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Helen should stop hating on her ex's divorce lawyer.

Hey friend:

 

If you've read my blog before, then you know about my client, Helen.*

 

 


*I talk about "Helen" a lot.  She's not a real person and she's not a real client.  She's more like a composite character.  I will never reveal an actual conversation that I've had with an actual client.  Ever.


 

You also know that I am very invested in helping Helen simplify her divorce.

 

This means that I will always give Helen honest, practical advice, even (especially) when I know that advice is not what Helen wants to hear in the moment.

 

This is one of those moments.

 

I have to tell Helen to stop hating on her ex's divorce lawyer.

 

I have a human brain, so I usually don't like telling people things I know they won't want to hear.

 

But Helen's divorce is not about me.  It is about Helen, her children, what Helen's children need from her, and what Helen needs from me so that she can show up the way she wants to for her children.

 

And I care too much about Helen and her children to be anything less than brutally honest with her, so I have to do this thing that I know won't be fun.

 

 I have to tell Helen to stop hating on her ex's divorce lawyer.

 

When I tell Helen that she has to stop hating on her ex's lawyer, she will -- at least at first -- double down on the hatred.  She will fight for the story that her ex's lawyer is rude and unprofessional.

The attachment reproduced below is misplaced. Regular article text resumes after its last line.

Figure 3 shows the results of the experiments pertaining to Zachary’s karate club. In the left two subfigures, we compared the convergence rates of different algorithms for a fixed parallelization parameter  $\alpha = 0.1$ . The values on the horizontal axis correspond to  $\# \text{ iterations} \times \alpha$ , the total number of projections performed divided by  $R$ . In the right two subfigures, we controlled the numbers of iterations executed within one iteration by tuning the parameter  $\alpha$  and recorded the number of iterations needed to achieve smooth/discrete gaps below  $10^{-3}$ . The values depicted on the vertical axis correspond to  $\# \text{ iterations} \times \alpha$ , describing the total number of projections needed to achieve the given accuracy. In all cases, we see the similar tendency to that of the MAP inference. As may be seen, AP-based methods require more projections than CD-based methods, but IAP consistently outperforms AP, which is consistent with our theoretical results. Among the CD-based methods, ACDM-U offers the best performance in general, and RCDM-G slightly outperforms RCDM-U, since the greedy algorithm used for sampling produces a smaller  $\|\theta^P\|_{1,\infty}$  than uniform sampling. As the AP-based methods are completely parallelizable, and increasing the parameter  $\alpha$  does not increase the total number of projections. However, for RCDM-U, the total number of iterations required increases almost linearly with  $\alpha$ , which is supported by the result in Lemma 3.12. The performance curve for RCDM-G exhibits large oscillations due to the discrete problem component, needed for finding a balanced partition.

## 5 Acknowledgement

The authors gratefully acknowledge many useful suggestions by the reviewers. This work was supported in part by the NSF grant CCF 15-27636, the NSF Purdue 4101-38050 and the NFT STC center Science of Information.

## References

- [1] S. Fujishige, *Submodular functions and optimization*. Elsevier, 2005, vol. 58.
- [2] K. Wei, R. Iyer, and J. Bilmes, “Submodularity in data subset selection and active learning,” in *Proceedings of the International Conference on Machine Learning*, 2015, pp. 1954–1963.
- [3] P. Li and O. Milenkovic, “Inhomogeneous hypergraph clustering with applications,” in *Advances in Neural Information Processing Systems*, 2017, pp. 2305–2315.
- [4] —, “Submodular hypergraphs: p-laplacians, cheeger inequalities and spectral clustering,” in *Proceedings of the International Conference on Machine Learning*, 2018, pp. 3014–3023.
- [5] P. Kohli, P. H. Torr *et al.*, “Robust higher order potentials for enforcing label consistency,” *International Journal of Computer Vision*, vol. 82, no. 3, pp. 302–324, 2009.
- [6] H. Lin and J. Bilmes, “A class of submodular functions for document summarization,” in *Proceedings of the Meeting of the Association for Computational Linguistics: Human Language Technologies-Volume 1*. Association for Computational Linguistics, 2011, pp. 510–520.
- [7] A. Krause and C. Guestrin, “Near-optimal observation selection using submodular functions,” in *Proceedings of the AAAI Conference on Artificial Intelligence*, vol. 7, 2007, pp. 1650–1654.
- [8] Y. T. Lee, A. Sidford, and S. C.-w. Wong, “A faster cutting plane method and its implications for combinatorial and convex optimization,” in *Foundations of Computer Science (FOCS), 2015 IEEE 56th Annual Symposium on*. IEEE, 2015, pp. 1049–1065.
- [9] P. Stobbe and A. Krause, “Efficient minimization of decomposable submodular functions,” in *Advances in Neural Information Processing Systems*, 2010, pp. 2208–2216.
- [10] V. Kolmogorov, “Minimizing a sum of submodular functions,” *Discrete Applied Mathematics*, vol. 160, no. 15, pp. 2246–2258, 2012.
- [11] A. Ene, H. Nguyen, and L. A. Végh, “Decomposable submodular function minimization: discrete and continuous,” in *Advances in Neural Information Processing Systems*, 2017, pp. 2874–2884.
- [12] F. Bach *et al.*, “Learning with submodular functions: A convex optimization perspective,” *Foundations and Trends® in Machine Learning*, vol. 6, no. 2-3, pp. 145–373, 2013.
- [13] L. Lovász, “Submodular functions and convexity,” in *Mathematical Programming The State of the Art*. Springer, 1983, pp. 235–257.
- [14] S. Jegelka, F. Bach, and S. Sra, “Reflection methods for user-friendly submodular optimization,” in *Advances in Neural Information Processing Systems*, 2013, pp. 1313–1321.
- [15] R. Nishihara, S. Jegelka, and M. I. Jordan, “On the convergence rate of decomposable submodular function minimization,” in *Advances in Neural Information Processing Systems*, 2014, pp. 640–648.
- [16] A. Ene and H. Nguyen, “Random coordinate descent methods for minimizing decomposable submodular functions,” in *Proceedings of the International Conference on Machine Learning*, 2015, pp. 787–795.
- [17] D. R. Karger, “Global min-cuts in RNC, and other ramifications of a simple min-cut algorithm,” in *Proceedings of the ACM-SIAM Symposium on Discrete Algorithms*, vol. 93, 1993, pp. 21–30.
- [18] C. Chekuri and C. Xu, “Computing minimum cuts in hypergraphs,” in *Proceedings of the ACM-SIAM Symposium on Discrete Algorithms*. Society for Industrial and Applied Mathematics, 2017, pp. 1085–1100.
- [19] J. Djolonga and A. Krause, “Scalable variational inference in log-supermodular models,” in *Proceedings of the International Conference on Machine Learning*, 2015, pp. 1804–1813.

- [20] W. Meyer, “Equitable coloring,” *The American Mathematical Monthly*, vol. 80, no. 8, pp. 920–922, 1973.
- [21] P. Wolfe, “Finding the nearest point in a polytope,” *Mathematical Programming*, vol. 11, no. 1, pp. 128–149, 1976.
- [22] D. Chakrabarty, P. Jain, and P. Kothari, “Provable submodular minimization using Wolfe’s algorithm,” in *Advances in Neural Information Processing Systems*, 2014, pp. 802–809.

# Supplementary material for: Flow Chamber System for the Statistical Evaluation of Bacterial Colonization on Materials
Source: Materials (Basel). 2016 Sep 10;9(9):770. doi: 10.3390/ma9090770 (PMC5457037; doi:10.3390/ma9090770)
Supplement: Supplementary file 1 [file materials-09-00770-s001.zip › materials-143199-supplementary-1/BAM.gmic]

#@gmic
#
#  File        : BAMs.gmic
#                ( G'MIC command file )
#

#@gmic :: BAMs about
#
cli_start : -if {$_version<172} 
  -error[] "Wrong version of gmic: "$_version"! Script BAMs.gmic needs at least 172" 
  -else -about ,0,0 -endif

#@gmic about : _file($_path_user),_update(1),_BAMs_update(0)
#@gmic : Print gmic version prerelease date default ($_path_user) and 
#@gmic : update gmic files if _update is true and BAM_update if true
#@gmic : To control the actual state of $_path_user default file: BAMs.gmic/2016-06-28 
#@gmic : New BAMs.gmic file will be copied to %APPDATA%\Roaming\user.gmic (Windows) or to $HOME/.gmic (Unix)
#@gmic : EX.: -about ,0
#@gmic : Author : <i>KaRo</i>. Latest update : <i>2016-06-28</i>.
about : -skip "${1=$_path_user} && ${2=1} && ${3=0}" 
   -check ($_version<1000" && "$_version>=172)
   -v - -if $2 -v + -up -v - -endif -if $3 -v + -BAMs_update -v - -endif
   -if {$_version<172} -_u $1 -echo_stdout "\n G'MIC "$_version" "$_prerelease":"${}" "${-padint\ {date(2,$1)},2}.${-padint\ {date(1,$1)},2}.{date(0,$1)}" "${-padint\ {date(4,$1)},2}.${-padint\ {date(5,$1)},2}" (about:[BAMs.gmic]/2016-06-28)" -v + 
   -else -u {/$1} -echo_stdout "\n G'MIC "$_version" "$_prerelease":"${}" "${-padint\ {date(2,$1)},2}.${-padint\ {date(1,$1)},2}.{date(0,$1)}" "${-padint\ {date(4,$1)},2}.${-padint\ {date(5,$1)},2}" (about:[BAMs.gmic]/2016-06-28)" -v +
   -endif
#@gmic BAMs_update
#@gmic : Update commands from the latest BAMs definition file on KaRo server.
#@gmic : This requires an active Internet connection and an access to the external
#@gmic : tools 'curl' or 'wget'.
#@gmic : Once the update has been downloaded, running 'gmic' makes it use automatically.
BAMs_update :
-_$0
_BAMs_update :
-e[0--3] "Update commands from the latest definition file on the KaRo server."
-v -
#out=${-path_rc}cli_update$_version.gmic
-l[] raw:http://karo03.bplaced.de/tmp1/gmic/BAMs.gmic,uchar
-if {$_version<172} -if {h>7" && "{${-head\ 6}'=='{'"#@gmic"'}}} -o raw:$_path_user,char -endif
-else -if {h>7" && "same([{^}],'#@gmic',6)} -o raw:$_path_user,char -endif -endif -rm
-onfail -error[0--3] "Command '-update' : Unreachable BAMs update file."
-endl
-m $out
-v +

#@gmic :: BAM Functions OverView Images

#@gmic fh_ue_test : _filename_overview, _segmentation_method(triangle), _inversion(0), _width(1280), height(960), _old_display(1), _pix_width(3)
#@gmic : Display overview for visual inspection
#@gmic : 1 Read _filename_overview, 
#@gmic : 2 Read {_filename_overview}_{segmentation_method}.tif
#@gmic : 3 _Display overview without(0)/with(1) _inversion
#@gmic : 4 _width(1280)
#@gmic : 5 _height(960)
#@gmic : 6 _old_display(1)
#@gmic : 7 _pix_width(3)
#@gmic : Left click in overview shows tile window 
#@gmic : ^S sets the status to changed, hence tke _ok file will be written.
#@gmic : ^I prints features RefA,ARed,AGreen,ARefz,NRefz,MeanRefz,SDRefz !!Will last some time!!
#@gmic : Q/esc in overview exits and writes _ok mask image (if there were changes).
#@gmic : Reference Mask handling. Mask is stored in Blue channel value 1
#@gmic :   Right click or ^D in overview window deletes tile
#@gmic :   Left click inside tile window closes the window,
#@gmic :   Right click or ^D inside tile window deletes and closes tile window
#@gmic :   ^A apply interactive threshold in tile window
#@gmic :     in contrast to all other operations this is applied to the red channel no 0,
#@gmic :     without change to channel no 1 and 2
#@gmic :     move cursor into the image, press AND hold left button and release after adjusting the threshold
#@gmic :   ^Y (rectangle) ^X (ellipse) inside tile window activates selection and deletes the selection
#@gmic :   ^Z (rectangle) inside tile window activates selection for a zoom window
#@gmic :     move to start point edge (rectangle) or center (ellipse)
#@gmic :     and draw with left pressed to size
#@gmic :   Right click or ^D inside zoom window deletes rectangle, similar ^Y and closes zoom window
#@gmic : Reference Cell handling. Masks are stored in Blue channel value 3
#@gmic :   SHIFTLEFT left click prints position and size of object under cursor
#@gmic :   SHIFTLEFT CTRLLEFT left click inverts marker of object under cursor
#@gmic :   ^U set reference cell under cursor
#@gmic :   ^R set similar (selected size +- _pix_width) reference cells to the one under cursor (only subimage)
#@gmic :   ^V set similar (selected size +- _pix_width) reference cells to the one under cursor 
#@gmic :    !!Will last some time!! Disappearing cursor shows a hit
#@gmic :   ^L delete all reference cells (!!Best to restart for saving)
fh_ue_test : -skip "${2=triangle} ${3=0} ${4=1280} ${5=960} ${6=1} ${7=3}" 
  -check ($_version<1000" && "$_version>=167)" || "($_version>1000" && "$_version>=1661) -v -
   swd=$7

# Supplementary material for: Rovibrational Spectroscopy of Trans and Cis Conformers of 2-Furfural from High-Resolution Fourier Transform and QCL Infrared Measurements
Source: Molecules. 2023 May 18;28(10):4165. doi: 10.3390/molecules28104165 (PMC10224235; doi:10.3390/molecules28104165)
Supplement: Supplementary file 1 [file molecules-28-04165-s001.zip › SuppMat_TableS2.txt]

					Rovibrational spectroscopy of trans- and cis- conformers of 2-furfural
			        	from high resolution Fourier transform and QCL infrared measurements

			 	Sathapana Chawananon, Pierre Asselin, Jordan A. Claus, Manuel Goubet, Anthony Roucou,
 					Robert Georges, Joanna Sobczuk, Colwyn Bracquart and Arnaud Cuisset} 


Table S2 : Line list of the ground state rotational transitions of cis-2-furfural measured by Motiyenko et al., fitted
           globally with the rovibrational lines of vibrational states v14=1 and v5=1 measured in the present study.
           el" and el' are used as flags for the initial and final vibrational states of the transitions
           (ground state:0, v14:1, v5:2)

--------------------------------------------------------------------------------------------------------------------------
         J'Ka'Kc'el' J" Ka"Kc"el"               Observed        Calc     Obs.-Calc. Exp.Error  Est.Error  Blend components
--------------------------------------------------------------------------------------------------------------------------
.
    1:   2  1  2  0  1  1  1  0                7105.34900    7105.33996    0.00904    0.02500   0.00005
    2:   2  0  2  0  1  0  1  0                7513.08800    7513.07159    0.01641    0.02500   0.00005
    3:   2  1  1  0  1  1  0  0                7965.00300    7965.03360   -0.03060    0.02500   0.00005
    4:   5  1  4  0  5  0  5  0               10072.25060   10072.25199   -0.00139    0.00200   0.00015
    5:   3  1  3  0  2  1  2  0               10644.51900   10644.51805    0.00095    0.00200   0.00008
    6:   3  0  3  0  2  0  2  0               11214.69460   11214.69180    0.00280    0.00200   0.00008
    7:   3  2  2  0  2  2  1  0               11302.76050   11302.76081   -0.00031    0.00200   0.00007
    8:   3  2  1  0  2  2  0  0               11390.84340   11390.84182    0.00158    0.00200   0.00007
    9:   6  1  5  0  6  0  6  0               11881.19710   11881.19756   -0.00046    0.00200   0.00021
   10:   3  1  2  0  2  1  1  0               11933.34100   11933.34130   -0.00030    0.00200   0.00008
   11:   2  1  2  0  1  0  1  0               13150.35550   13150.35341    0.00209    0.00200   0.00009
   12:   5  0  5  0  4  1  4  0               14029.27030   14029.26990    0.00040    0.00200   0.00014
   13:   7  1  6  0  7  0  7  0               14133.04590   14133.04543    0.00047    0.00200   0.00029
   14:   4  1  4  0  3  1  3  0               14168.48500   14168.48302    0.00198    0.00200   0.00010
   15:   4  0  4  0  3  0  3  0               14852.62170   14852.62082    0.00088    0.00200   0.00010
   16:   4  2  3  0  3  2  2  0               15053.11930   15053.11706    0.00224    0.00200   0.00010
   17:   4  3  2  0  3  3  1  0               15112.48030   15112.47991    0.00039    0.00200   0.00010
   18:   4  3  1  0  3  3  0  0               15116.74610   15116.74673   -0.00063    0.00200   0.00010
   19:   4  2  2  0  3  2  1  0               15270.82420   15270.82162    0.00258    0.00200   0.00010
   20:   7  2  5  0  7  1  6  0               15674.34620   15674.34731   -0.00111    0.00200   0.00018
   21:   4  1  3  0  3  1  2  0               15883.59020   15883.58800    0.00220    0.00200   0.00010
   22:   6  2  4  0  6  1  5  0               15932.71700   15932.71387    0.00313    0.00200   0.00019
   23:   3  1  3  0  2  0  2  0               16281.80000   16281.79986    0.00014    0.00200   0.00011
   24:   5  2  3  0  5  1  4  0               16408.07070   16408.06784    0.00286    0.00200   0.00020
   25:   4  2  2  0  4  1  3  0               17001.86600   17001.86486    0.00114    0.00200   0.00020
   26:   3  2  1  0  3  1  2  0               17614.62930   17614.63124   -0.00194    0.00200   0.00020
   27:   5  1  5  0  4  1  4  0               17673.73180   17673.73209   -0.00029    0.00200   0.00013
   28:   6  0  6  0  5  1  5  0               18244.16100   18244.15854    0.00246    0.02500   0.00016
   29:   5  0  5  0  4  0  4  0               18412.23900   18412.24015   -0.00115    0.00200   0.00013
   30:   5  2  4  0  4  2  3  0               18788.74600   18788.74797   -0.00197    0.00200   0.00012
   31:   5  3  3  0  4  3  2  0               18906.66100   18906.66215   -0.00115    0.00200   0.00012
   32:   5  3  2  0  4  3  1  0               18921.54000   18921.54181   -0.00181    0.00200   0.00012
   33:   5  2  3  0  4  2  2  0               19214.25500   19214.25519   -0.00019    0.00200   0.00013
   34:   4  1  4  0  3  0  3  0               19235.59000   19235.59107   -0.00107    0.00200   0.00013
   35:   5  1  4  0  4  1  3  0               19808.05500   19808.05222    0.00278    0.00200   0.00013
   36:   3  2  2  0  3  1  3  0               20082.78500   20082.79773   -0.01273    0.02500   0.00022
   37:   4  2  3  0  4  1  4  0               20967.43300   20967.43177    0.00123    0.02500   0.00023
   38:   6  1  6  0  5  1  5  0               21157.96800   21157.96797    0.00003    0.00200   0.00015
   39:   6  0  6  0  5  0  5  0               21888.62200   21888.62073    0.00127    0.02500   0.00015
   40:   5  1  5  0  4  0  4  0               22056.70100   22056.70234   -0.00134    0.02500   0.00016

Helen will want to present to me all of the evidence that she has to support her story.

 

Helen will tell me that what's she saying is true, and she's right.

 

But it doesn't matter if Helen's thoughts are "true."  She doesn't need to convince me.  She also doesn't need my permission to hate her ex's lawyer.

 

Helen doesn't have to fight me for her story, because I am not fighting to keep it from her.

 

But I do want to offer something else to Helen, something that she's not even considering right now.

 

I want Helen to know that her ex's lawyer has no power over her unless Helen continues to believe her own thoughts.

 

When Helen tells me that the other lawyer's rude and unprofessional behavior is delaying her case, I want Helen to know that she is the one delaying her case, and that is great news, because it means she can turn things around.

 

I want Helen to know that her ex's lawyer is a human person saying words and doing things, and that those words and things are completely neutral until Helen breathes life into them.

 

And right now, the way Helen is thinking is blocking Helen from moving her case forward.  Yeah, Helen's ex's lawyer is not blocking Helen.  Helen is blocking Helen, because Helen's thoughts are blocking Helen from following the advice that I'm giving her, and those thoughts are consuming the precious mental energy that Helen needs to use on other things.

 

By the way, the ex's lawyer is not feeling Helen's hatred.  Only Helen is and, even worse, that hatred is showing up in the way that Helen is co-parenting with her ex, the way that Helen is talking to her kids, the way that Helen is performing at work. . . everywhere.  Because Helen can't get away from her own brain.

 

And Helen doesn't need to get away from her brain.  She needs to manage her brain.

 

Because when Helen manages her brain, her divorce will be simple.

 

And I'm going to show her how.  I can't wait.

 

   

 

Janie Lanza Vowles - Practicing Divorce Lawyer -- Certified Life Coach

 

P.S. If you want to learn how to clean up your brain and simplify your divorce, then it is time for us to talk.  Click here to learn more.